31. Belgium.

    The figures were published by the National Bank of Belgium.
  32. It would be helpful if you could find out the median net worth as it can be a significantly different value than average due to the way how wealth is often stacked to a very small rich minority.

    For example, if there are 9 people with net worth 1000 and 1 with 1 billion, their average net worth is approx. 100 million but their median net worth is 1000. Average is highly misleading, no?

  33. With 100 Million or so samples in the US, seems that average and median are close to the same. However as I was wrong once before, I could be again.
  34. But where do you draw the line in terms of liquidity? E.g., If I have $4M in long-term GICs (or as you americans call them, CDs) I can't touch the capital. It's guaranteed interest though but it's totally illiquid.

    But yea, I can't understand including houses (other than to pad the figure and swell the ego :D ) because great, your house is worth $800K. Sell it and have 800K........but you have nowhere to live now, lol.
  35. I'm having a huge amount of trouble finding these... could you send me a link? I found the GDP per capita that was updated in 2005 that said that the average GDP per capita was $31900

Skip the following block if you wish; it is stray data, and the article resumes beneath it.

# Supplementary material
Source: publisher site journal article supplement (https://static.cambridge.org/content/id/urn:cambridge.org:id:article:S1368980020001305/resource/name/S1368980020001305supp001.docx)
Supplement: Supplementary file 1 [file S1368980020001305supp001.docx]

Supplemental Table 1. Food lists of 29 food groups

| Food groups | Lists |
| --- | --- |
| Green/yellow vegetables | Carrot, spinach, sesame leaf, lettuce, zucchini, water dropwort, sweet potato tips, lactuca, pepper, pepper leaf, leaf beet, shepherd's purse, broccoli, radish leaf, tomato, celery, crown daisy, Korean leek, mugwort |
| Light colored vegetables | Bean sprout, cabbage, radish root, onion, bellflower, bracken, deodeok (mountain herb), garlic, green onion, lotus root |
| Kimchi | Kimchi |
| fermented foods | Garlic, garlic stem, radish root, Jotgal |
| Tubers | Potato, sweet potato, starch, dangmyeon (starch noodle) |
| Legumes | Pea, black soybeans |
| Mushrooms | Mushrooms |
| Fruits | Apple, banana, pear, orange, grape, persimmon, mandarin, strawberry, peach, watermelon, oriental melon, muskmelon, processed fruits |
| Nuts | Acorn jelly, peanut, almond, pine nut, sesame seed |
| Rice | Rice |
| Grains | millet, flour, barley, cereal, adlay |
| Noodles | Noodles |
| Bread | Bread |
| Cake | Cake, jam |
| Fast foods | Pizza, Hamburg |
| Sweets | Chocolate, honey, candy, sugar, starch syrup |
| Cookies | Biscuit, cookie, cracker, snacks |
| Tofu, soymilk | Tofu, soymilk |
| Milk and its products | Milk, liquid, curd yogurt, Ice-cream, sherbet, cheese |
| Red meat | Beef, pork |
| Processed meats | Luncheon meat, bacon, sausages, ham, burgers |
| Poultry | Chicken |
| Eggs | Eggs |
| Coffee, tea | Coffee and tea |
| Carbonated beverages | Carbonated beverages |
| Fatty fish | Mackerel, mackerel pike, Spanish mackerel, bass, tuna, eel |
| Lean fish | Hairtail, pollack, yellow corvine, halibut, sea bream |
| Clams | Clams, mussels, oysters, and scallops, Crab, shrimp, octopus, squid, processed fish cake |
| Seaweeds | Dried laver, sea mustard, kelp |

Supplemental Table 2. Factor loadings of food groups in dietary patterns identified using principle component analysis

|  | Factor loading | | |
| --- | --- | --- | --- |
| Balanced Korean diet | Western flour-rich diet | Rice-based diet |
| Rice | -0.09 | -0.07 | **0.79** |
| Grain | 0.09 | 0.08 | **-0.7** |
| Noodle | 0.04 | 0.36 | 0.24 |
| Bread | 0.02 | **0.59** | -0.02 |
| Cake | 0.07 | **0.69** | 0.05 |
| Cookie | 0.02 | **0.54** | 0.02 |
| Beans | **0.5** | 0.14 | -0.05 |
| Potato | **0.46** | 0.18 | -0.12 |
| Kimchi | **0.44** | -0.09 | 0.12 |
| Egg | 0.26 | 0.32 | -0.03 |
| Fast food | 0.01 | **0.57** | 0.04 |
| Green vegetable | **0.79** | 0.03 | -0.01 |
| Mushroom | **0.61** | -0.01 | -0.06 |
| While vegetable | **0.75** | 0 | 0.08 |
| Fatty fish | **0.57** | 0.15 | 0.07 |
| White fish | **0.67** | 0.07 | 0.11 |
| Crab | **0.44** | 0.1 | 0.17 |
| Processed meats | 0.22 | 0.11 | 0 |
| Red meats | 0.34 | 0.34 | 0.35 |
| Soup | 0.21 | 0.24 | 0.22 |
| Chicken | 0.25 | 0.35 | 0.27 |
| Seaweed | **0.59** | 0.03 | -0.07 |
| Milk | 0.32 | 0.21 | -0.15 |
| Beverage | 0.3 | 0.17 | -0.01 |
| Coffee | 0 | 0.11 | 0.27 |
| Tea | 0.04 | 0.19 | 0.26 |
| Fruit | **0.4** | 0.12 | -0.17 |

and I'm trying to imagine a situation where either a) Everyone owns their own homes b) people just can't think of anything to do with their money but save it, c) Families are HUGE or d) the rules for passing on prior generations wealth are not restrictive at all... or any of these in combination with another. A median family net worth of 385000, with 2 people earning wages within the home, would take over 6 years of spending NO money and getting charged NO taxes to build if you ignore interest... obviously this makes things rediculous, but it approximately conveys what a daunting task it would be. This might just strike me as odd because of a difference in cultural perspective, but I'd be really interested in seeing those statistics that you mentioned.

    Edited. I messed up the calculation and corrected it... still seems crazy to me.